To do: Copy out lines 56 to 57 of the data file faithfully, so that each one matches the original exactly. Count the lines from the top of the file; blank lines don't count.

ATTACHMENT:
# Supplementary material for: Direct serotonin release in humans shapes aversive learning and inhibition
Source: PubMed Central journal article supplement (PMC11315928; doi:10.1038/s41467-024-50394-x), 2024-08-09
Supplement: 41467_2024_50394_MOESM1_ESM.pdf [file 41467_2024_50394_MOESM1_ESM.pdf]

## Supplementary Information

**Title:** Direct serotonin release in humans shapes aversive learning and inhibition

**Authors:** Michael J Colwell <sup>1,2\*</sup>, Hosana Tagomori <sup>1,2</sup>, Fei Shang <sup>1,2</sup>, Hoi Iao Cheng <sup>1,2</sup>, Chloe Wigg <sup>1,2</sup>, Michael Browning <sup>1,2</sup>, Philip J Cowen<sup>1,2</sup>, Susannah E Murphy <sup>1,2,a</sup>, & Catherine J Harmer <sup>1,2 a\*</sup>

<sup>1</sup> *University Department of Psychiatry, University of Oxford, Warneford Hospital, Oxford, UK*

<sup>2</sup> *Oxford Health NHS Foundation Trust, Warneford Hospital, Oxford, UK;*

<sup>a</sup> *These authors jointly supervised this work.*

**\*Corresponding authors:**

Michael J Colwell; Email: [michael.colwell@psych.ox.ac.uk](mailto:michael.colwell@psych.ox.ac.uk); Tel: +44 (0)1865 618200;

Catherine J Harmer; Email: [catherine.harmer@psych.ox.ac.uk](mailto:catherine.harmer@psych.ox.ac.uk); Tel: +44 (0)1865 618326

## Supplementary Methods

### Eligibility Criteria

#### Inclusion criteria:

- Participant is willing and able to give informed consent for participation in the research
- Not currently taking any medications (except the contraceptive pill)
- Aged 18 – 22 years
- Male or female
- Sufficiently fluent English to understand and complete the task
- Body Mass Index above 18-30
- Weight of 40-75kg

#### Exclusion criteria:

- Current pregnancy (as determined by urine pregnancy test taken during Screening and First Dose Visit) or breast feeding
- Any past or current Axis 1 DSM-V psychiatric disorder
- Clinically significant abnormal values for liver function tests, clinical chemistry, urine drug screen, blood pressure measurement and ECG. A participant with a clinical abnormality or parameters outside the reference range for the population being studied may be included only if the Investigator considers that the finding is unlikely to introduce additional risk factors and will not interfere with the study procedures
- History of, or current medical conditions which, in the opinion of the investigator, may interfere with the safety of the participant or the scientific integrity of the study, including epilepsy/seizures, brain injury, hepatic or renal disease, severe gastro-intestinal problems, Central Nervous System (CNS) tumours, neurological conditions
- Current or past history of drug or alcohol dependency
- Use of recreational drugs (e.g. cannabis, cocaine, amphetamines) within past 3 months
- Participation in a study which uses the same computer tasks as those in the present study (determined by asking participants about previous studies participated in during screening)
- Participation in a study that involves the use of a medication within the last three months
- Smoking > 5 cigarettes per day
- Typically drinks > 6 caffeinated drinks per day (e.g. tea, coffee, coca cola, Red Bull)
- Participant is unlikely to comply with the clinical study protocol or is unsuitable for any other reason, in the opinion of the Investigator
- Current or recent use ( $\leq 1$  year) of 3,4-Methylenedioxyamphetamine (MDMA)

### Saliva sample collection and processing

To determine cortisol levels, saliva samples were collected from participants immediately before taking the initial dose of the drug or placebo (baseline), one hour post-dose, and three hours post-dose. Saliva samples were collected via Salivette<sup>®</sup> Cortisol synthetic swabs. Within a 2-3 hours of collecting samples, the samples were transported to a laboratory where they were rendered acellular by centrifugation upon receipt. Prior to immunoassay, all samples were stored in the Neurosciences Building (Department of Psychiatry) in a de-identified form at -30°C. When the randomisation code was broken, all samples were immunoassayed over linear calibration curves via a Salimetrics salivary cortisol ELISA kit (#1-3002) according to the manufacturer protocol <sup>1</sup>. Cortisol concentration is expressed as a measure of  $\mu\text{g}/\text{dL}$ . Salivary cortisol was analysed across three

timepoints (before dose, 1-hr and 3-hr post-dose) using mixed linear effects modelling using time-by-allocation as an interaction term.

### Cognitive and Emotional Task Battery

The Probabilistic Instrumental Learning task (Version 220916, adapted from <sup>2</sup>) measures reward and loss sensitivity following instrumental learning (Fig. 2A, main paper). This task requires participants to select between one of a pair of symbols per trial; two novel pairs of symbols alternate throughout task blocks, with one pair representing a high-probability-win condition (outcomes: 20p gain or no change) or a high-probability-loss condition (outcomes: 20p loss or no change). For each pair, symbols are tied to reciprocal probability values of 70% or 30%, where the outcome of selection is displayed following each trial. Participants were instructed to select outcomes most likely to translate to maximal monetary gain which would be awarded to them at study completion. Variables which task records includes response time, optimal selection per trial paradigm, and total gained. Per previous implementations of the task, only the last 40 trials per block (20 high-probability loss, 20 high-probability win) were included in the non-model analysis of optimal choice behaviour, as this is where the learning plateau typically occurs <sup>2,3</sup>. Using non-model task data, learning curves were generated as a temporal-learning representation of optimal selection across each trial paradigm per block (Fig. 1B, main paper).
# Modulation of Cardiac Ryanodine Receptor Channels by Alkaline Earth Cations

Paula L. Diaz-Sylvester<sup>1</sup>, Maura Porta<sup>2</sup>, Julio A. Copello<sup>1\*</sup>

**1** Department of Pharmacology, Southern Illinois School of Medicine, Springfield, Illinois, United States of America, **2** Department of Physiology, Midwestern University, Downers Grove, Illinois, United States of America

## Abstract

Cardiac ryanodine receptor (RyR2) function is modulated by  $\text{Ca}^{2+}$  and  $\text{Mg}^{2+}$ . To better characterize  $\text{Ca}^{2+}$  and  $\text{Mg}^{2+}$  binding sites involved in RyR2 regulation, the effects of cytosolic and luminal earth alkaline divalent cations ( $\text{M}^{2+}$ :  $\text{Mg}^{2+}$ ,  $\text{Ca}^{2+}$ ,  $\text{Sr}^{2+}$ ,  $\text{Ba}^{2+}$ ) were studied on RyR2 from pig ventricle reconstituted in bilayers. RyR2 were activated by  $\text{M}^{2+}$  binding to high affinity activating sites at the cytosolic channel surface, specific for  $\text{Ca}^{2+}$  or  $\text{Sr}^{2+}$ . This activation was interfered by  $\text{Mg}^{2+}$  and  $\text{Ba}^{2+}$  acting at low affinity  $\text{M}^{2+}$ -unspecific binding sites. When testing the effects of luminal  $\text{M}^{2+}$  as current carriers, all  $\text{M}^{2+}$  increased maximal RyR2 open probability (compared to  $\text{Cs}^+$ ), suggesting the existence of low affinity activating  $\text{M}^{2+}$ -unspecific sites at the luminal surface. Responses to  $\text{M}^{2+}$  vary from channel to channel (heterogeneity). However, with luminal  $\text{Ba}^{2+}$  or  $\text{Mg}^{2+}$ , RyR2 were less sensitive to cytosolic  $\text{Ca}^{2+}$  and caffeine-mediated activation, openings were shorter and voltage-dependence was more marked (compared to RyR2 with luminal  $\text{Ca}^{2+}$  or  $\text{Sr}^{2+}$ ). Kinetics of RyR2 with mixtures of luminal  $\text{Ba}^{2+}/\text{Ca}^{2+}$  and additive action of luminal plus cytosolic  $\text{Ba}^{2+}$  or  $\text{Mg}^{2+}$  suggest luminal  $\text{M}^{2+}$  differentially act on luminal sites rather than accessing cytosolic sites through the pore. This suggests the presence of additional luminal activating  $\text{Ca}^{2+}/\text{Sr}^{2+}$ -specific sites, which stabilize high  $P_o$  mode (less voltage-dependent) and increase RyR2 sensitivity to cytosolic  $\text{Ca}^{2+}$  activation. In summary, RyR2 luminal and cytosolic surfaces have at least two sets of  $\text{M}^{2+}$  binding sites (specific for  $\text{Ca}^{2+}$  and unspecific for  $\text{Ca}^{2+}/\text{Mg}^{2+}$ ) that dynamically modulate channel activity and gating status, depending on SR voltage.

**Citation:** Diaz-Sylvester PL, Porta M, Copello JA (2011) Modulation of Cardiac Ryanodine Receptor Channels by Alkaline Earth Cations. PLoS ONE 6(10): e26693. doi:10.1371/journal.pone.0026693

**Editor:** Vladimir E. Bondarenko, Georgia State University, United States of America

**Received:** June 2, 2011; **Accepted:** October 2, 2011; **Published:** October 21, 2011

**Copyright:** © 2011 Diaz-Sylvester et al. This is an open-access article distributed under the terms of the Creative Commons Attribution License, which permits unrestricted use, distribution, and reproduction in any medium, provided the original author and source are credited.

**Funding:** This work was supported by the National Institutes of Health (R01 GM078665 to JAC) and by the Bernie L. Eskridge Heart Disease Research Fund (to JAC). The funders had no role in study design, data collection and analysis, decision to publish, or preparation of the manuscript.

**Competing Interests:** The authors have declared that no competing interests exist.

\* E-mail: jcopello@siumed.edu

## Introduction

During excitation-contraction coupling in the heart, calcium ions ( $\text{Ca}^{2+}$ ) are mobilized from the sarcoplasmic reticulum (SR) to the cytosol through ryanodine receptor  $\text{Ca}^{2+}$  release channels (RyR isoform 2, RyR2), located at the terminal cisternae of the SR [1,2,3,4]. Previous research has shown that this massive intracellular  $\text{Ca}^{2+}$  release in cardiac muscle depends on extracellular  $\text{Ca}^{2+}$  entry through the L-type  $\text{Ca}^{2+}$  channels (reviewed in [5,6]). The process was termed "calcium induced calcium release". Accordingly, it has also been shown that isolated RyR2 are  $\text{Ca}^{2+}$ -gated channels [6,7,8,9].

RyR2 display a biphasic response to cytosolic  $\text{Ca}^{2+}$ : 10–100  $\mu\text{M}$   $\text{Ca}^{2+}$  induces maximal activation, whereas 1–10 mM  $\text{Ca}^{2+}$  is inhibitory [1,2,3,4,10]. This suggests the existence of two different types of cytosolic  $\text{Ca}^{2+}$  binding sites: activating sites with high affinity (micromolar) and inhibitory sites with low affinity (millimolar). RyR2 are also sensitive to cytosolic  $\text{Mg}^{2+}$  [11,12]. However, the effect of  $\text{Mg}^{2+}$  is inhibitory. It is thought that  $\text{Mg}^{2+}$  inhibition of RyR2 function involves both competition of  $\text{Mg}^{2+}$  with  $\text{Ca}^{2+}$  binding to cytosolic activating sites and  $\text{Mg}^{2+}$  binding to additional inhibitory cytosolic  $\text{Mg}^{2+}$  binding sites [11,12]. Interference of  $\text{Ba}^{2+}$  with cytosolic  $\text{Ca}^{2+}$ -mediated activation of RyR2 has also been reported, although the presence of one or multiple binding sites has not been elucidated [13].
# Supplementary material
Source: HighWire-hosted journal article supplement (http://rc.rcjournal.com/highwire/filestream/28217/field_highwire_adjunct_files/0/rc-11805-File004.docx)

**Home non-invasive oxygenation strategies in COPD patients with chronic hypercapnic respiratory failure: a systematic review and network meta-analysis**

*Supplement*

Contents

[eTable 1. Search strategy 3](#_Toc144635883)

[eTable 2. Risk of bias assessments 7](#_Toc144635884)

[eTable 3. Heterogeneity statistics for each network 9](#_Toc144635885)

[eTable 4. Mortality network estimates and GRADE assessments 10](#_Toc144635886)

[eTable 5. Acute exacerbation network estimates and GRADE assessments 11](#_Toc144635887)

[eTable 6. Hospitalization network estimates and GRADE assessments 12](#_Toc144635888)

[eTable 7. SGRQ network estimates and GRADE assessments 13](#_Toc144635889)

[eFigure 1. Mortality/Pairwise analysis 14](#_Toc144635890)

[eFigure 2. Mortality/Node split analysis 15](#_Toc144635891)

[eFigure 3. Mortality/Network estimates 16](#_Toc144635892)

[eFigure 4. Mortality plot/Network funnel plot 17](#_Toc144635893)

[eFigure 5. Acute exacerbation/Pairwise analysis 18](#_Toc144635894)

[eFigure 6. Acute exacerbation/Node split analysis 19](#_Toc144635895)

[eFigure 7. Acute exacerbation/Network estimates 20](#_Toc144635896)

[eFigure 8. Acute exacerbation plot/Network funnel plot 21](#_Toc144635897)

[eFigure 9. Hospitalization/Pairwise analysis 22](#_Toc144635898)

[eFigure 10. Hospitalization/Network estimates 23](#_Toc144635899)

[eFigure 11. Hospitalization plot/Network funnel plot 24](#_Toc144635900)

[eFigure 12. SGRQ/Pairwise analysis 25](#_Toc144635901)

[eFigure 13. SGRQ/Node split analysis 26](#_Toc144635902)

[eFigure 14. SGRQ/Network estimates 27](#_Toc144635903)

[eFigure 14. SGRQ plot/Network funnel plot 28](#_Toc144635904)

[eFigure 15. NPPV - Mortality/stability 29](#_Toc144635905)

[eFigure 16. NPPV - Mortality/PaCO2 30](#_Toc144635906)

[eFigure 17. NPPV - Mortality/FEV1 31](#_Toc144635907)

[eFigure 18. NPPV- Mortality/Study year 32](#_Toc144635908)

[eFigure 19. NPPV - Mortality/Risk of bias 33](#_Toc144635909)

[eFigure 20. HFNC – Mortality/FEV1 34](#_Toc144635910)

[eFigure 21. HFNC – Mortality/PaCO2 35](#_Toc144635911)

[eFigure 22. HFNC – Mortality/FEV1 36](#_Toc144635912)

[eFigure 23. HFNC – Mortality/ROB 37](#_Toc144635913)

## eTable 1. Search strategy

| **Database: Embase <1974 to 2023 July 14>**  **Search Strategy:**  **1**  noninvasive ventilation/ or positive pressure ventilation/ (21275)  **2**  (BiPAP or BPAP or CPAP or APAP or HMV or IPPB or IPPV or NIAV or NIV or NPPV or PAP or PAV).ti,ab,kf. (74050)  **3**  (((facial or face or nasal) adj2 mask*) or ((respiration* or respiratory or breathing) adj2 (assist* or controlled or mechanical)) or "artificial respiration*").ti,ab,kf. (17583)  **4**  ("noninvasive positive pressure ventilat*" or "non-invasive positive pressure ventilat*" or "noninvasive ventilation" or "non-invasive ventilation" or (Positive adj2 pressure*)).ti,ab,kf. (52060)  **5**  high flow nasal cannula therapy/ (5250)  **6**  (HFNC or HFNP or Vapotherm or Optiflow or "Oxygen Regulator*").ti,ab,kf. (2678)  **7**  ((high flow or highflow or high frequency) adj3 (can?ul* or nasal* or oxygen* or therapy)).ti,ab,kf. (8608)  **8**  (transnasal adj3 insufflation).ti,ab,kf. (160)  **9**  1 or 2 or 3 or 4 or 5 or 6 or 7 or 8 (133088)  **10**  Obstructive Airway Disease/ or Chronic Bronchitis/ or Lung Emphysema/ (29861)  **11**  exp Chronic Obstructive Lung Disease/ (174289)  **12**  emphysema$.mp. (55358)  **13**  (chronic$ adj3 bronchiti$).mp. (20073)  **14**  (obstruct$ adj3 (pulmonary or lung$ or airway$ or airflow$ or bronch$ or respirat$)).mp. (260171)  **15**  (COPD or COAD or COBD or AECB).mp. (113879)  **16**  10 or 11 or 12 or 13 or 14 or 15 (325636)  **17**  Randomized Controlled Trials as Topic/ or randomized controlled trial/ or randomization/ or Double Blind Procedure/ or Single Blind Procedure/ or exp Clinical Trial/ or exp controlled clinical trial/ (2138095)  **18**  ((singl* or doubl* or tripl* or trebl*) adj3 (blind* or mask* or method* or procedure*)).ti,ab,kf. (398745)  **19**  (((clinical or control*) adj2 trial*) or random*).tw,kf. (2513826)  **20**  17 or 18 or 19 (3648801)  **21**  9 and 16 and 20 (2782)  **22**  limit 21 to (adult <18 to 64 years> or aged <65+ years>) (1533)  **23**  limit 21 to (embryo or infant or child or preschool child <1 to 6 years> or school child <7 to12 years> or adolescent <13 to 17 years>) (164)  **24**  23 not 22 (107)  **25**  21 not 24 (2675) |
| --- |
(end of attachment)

# Supplementary material
Source: HighWire-hosted journal article supplement (http://rc.rcjournal.com/highwire/filestream/28217/field_highwire_adjunct_files/0/rc-11805-File004.docx)